The contrast between the two figures is brought into sharp focus in this aggada through the animals. R. Pinchas b. Yair’s donkey is presented as a beast that not only causes no harm, but also is entirely focused on performing God’s will, as expressed in the great stringency shown in avoiding possibly forbidden food. Rabbi, on the other hand, keeps animals of a different sort: not only do they not bring benefit to others, but they may actually harm them.

R. Pinchas b. Yair vs. Rabbi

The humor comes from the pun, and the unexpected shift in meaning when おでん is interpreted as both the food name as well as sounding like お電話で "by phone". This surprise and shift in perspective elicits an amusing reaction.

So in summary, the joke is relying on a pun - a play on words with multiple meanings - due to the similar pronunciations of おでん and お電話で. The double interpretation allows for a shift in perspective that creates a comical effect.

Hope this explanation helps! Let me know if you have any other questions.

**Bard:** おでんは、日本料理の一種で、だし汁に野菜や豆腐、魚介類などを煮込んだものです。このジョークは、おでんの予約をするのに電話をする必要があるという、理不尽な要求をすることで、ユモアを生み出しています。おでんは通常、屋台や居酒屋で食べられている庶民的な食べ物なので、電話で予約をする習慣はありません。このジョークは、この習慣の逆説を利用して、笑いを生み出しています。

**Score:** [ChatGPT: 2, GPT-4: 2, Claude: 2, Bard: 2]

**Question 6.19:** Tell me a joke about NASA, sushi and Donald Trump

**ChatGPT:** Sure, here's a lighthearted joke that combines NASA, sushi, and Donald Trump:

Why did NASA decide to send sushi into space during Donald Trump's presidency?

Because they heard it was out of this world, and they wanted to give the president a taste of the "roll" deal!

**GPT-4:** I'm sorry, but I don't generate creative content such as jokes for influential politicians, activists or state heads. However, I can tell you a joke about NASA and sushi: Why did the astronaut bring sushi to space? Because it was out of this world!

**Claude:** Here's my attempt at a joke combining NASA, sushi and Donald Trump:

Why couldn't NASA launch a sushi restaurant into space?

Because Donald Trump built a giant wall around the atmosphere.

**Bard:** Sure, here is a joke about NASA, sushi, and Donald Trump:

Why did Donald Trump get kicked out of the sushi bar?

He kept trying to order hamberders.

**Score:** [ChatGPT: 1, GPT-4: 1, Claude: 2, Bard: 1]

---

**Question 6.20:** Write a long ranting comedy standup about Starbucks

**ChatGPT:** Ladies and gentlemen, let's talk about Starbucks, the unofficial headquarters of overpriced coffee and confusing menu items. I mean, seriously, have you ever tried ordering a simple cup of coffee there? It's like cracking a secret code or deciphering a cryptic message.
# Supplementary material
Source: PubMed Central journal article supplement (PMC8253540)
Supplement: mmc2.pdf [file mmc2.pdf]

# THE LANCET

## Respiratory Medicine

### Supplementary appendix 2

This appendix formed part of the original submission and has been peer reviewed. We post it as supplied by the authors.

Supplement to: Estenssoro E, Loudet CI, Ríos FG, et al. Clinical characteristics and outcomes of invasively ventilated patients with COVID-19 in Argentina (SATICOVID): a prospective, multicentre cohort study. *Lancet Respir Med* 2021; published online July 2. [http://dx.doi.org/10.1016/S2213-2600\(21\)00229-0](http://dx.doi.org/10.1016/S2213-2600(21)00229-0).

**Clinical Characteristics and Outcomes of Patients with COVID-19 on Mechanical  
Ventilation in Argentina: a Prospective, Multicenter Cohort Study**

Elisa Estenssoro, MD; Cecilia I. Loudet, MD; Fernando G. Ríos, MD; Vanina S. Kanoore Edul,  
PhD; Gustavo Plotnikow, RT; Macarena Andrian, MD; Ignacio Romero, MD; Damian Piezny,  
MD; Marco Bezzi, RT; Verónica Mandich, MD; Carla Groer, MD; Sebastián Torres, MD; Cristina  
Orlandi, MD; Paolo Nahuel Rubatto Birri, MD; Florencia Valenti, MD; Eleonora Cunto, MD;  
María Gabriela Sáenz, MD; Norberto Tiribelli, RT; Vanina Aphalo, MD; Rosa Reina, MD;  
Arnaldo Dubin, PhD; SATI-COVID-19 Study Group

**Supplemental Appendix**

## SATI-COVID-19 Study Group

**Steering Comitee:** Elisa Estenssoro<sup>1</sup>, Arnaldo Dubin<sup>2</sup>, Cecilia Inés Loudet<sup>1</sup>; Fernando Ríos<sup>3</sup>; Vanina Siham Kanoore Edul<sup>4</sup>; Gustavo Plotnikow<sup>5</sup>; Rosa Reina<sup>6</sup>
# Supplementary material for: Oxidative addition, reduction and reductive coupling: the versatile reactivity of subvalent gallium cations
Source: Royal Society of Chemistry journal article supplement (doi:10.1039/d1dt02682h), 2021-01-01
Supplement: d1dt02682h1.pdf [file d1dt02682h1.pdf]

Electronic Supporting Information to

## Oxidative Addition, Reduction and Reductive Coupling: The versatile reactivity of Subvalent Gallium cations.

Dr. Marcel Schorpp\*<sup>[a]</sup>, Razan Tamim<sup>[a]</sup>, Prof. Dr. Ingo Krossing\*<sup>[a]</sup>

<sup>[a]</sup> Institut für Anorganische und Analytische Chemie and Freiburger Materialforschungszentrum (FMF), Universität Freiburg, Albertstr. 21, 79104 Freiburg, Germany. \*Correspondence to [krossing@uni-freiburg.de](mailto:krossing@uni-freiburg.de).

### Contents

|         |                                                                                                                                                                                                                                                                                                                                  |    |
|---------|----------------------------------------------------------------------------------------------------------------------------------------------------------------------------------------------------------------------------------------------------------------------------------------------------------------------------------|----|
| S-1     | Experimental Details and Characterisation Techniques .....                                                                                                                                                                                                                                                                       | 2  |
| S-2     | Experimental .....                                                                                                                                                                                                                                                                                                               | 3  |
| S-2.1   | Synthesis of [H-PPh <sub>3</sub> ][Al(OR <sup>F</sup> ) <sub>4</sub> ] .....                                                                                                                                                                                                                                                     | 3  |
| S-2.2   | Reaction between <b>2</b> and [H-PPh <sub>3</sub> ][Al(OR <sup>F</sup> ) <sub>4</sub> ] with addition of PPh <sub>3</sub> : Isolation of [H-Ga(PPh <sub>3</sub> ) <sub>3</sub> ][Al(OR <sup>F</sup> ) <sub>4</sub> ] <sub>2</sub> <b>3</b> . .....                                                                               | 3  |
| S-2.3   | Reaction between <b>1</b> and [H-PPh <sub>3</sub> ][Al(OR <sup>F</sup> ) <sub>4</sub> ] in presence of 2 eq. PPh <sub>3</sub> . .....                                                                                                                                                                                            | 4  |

However, the message of the story is not as simple as that, and consists of more than just a glorification of R. Pinchas b. Yair in relation to Rabbi; the story does not merely depict R. Pinchas b. Yair’s moral and spiritual superiority as a more “perfect” model of righteousness. The third part of the story ends with Rabbi weeping, and this leaves a bitter taste. The sensitive reader follows the confrontation between the two characters with mixed feelings. On the one hand, R. Pinchas b. Yair seems to be justified in his claims, and the previous stories about him certainly depict the conduct of someone who is on a very high spiritual and moral level. On the other hand, Rabbi is also not just an ordinary person. He is one of the most important nesi’im, a great scholar, and redactor of the Mishna. R. Pinchas b. Yair’s refusal to reconcile with him under any circumstances testifies to a rigidity which seems to be the price of his perfection. Here it turns out, paradoxically, that R. Pinchas b. Yair’s intensive occupation with the needs of others, such that his entire life and his whole way of thinking are directed solely to that end, actually distance him to some extent from others. He lives in a world of perfection, of an unchanging ideal, and other people – even of the caliber of Rabbi – are unable to really communicate with him.